In a historic move, the U.S. Securities and Exchange Commission (SEC) has approved a rule change that would allow the first spot Bitcoin exchange-traded funds (ETFs) to begin trading. The approval is a huge milestone in the cryptocurrency industry as it comes after nearly a decade of persistent efforts and numerous rejections from the SEC.
Initially, the rule change document appeared only briefly on the regulator’s website before disappearing, leading to further confusion following yesterday’s false alarm. However, the document was later added again, putting paranoid crypto minds at ease.
“After careful review, the [SEC] finds that the proposals are consistent with the Exchange Act and rules and regulations thereunder applicable to a national securities exchange,” the commission wrote in the approval notice.
In it, the SEC said that the rule changes will allow the NYSE Arca to list the Grayscale Bitcoin Trust, which is being converted to a spot Bitcoin ETF, and newly list the Bitwise Bitcoin ETF and Hashdex Bitcoin ETF; the Nasdaq will list BlackRock’s iShares Bitcoin Trust and the Valkyrie Bitcoin Fund; and Cboe’s BZX exchange will list ARK 21Shares Bitcoin ETF, the Invesco Galaxy Bitcoin ETF, VanEck Bitcoin Trust, the WisdomTree Bitcoin Fund, Fidelity Wise Origin Bitcoin Fund, and the Franklin Bitcoin ETF.
That means all 11 eligible applicants have now been given the go-ahead to trade on U.S. exchanges.
An exchange-traded fund, or ETF, is an investment vehicle that allows traders to buy shares that are backed by Bitcoin without directly holding the asset themselves. There have been Bitcoin futures ETFs available to U.S. investors for a while now, but the SEC has been resistant to a spot ETF, which would be designed to track the real-time price of Bitcoin.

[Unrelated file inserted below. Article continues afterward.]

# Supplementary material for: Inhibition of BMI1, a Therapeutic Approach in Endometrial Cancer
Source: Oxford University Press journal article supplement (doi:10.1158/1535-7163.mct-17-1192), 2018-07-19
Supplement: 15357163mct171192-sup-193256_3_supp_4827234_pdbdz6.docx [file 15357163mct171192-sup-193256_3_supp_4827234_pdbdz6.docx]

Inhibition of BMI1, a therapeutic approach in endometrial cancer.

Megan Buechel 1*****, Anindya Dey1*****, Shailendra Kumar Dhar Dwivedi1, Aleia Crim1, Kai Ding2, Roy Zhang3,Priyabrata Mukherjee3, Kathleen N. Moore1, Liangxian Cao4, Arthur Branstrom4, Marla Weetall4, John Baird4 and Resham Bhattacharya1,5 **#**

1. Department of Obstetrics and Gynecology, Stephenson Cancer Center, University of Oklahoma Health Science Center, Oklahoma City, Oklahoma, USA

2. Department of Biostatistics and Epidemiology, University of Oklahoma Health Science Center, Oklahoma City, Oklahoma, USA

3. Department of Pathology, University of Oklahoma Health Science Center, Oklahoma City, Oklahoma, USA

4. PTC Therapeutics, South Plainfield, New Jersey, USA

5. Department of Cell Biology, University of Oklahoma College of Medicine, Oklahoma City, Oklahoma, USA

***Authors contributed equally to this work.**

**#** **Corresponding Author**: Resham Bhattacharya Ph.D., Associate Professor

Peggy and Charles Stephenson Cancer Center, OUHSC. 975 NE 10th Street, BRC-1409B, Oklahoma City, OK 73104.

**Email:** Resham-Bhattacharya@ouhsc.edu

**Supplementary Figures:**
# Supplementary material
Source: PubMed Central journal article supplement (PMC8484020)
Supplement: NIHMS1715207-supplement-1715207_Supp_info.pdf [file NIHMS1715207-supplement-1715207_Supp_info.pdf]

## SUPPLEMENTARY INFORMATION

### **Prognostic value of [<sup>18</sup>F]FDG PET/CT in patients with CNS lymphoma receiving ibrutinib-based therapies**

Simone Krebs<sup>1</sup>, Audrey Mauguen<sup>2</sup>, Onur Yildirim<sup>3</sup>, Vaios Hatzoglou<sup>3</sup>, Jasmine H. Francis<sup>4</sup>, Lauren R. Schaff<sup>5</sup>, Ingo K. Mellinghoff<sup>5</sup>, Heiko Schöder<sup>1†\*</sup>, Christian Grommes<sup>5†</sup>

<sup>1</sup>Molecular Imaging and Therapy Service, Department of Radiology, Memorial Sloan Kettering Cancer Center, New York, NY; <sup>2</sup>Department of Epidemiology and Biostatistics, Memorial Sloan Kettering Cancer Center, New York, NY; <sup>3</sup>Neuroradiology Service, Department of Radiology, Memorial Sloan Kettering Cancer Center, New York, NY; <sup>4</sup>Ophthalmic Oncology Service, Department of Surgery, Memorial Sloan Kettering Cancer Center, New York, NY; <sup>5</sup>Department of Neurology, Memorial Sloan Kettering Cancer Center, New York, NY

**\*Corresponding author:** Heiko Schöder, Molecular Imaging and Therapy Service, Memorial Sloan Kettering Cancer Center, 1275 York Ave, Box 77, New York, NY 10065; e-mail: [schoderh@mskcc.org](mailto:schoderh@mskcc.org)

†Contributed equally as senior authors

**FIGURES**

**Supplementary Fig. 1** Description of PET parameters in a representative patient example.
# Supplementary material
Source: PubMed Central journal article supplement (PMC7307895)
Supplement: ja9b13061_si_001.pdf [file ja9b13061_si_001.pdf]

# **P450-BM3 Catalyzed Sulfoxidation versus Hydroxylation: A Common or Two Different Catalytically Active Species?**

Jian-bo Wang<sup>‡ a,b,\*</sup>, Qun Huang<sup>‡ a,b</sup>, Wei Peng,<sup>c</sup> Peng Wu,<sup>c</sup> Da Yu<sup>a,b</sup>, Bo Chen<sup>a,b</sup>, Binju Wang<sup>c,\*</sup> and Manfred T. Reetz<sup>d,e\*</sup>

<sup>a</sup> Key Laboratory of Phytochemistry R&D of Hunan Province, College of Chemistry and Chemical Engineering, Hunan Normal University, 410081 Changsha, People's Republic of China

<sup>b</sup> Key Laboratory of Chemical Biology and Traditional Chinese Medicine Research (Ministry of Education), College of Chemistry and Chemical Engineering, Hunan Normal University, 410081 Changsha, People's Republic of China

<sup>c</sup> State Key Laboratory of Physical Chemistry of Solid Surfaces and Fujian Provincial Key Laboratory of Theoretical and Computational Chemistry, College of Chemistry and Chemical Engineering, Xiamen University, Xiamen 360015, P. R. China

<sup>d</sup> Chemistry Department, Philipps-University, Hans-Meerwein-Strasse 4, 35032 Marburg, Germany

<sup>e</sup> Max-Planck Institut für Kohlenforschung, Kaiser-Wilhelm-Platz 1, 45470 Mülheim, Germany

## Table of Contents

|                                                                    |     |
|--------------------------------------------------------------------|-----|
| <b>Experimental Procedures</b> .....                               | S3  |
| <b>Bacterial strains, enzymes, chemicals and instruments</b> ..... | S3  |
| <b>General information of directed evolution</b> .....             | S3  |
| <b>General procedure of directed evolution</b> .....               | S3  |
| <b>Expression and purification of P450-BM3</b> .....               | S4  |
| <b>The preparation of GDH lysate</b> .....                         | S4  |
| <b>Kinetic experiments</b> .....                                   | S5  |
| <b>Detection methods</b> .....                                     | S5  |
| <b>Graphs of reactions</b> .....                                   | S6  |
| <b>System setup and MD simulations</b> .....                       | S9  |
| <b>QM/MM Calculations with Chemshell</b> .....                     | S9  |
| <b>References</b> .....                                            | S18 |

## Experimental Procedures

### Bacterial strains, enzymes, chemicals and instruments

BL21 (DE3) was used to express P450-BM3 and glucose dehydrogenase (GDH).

The notice about the rule change went into detail on some of the reservations that the SEC had about approving a spot Bitcoin ETF in the first place. That includes surveillance-sharing agreements that would give exchanges, fund issuers, and the SEC access to detailed data that will allow them to detect attempts to manipulate markets.
The filing also listed some of the commissioners’ lingering concerns, such as the risk of “hacking.”
“Some commenters express concern that the Bitcoin blockchain is susceptible to hacking and that the Trusts’ bitcoin could be susceptible to “reverse hacking,” the Commission wrote. “Other commenters express concern that a Trust could become ‘uncovered’ if it issues shares that are not backed by adequate amounts of bitcoin held on behalf of the Trust by its bitcoin custodian. “
The journey toward this landmark approval began in July 2013, when Cameron and Tyler Winklevoss first proposed the Winklevoss Bitcoin Trust. However, the SEC officially rejected their proposal in March 2017, citing concerns over Bitcoin’s market volatility and potential investor risks. This set the tone for subsequent rejections of various Bitcoin ETF proposals over the years.
The SEC’s stance against a spot Bitcoin ETF seemed rooted in concerns about the cryptocurrency market’s structure, including issues like price discovery, trade execution, liquidity, and potential market manipulation. This skepticism was evident in 2018 when the SEC rejected nine applications in a single day, including those from ETF specialists like ProShares.
In 2020, the departure of SEC Chair Jay Clayton and the nomination of Gary Gensler as his replacement in January 2021 brought renewed optimism, given Gensler’s deeper perceived understanding of and past comments on cryptocurrencies.
But it’s not been smooth sailing with Gensler at the helm of the securities regulator. As recently as a week ago, during a CNBC interview, the SEC chair was calling crypto the “wild west” and bemoaning a rash of noncompliance among industry players.
Yet, the persistence from various players in the industry, including major financial institutions like BlackRock, Fidelity, and WisdomTree, has continued.
Most recently, potential issuers have proposed using cash-only creation for shares of their Bitcoin ETFs—a move which would limit firms’ exposure to having to handle Bitcoin directly.
Editor’s note: This article was updated after publication to include more details regarding the SEC’s approval order.
Edited by Guillermo Jimenez.
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